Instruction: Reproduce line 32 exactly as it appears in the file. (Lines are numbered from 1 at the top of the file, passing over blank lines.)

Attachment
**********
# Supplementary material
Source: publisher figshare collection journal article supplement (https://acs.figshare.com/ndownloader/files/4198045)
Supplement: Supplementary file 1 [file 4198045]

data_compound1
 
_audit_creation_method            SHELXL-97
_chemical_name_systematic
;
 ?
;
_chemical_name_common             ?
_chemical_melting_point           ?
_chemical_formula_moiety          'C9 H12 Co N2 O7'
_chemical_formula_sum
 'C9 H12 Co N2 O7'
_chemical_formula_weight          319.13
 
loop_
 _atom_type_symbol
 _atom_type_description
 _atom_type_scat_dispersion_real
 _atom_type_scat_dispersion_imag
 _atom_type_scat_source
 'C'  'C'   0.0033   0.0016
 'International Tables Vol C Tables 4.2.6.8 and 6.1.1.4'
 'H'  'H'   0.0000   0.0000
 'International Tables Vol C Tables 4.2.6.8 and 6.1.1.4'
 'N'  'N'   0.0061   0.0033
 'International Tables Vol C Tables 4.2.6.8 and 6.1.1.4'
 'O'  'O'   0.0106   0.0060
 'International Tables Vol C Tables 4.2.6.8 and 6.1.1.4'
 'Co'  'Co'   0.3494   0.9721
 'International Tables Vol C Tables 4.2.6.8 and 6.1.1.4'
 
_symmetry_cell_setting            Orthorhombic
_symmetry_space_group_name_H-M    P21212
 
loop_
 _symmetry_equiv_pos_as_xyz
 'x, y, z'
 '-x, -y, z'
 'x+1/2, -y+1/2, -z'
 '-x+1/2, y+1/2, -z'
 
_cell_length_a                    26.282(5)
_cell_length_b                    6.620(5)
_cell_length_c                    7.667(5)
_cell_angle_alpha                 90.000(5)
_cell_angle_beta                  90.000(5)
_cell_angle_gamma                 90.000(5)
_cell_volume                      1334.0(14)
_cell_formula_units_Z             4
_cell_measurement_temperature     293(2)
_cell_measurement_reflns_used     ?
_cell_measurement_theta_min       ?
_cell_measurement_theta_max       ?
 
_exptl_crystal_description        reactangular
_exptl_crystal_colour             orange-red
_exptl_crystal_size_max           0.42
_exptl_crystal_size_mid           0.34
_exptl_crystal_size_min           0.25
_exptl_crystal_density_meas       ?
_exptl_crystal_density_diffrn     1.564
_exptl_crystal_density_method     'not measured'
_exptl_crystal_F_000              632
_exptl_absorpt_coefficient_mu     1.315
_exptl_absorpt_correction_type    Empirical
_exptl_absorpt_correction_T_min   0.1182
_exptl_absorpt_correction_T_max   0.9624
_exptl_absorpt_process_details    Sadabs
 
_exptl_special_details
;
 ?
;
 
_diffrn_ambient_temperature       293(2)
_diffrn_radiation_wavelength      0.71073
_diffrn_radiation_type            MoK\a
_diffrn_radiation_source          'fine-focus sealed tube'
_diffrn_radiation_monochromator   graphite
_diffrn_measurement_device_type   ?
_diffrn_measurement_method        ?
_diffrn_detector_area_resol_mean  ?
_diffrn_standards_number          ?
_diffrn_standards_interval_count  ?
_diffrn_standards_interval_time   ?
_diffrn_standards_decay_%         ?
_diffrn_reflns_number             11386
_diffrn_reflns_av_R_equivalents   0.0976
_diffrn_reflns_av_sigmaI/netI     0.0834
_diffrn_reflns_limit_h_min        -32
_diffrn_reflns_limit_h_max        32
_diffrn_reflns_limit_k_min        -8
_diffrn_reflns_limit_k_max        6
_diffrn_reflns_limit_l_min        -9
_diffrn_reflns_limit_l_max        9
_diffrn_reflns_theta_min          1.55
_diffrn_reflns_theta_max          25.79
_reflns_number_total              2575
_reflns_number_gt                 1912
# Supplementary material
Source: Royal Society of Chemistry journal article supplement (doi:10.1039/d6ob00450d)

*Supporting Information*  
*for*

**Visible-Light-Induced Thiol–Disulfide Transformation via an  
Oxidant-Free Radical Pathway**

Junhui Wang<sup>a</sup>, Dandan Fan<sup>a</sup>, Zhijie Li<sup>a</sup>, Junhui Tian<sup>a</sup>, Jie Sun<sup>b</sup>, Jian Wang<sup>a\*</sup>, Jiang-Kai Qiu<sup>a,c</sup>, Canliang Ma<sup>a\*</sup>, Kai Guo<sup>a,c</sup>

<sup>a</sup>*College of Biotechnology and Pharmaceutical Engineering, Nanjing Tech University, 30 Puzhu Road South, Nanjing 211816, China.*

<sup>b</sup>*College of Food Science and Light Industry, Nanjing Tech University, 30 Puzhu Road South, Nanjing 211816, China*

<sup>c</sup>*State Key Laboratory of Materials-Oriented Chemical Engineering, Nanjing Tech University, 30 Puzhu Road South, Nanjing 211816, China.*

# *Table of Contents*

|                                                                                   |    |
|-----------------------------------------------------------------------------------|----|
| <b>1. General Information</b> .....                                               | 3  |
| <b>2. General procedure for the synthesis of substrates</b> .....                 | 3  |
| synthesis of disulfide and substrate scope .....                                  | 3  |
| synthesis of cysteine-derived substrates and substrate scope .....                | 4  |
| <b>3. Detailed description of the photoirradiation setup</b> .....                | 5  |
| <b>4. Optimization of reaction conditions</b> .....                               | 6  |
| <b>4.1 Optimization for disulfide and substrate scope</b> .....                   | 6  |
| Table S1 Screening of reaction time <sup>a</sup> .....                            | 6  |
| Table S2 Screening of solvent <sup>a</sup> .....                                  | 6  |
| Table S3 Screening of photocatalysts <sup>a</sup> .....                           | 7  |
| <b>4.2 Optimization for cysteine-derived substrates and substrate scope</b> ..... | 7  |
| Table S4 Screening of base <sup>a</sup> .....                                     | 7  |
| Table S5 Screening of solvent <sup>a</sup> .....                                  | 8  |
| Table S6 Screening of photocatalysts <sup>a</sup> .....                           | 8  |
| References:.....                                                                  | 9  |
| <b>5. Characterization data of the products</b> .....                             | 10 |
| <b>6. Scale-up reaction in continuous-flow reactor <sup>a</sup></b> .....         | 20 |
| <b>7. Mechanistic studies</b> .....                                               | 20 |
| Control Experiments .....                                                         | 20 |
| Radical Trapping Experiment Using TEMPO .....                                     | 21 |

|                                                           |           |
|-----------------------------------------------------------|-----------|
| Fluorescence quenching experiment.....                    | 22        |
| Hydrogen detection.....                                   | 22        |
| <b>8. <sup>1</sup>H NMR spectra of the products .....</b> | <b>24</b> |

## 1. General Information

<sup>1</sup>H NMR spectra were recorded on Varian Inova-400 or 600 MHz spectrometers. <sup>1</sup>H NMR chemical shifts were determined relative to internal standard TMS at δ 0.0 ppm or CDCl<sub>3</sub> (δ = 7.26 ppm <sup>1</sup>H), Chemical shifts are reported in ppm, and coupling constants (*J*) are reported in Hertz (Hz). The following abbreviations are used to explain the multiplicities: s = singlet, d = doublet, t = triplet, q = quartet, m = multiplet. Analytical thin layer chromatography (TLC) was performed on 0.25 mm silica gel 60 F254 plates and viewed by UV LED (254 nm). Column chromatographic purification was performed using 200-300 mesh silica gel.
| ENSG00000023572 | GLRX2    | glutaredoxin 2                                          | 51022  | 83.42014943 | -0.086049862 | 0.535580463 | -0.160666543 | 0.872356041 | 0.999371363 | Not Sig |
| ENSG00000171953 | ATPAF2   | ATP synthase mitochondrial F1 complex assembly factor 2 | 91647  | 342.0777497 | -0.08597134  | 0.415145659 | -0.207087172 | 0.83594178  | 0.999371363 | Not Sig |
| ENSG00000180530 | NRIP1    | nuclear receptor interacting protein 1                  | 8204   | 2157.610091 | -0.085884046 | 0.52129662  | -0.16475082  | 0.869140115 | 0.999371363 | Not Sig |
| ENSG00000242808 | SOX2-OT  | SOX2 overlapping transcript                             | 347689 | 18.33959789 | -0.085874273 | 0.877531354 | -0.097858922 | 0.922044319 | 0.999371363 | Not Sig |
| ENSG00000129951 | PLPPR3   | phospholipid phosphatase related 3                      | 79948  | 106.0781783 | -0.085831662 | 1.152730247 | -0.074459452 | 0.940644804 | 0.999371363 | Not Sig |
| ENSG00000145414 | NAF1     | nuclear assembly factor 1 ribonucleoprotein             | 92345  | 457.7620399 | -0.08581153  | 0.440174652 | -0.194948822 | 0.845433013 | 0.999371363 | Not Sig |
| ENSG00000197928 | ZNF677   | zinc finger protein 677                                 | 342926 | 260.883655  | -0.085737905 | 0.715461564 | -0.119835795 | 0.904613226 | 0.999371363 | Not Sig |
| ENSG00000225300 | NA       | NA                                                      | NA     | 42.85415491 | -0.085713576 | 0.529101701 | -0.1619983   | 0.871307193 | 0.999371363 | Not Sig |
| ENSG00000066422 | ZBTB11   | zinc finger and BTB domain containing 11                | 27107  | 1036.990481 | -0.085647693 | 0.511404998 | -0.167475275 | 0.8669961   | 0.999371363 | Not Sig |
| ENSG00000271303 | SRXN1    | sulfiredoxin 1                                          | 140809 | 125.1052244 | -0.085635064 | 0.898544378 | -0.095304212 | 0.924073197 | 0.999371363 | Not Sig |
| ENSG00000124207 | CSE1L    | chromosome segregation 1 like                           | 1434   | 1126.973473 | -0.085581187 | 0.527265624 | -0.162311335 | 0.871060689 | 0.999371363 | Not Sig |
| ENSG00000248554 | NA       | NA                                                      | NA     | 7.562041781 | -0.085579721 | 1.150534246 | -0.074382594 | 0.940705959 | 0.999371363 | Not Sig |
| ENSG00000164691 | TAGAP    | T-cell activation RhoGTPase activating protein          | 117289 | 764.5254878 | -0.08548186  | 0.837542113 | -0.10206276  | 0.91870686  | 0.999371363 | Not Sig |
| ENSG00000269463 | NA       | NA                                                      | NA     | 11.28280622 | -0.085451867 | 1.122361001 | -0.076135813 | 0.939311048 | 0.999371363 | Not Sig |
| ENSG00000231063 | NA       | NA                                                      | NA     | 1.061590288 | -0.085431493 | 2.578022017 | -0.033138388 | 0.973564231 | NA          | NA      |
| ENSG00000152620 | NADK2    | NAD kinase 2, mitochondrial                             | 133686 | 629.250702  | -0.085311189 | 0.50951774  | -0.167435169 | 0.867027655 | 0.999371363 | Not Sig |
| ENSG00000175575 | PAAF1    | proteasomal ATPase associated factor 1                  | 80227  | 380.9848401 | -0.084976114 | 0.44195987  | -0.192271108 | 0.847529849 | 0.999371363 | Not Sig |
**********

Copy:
_symmetry_cell_setting            Orthorhombic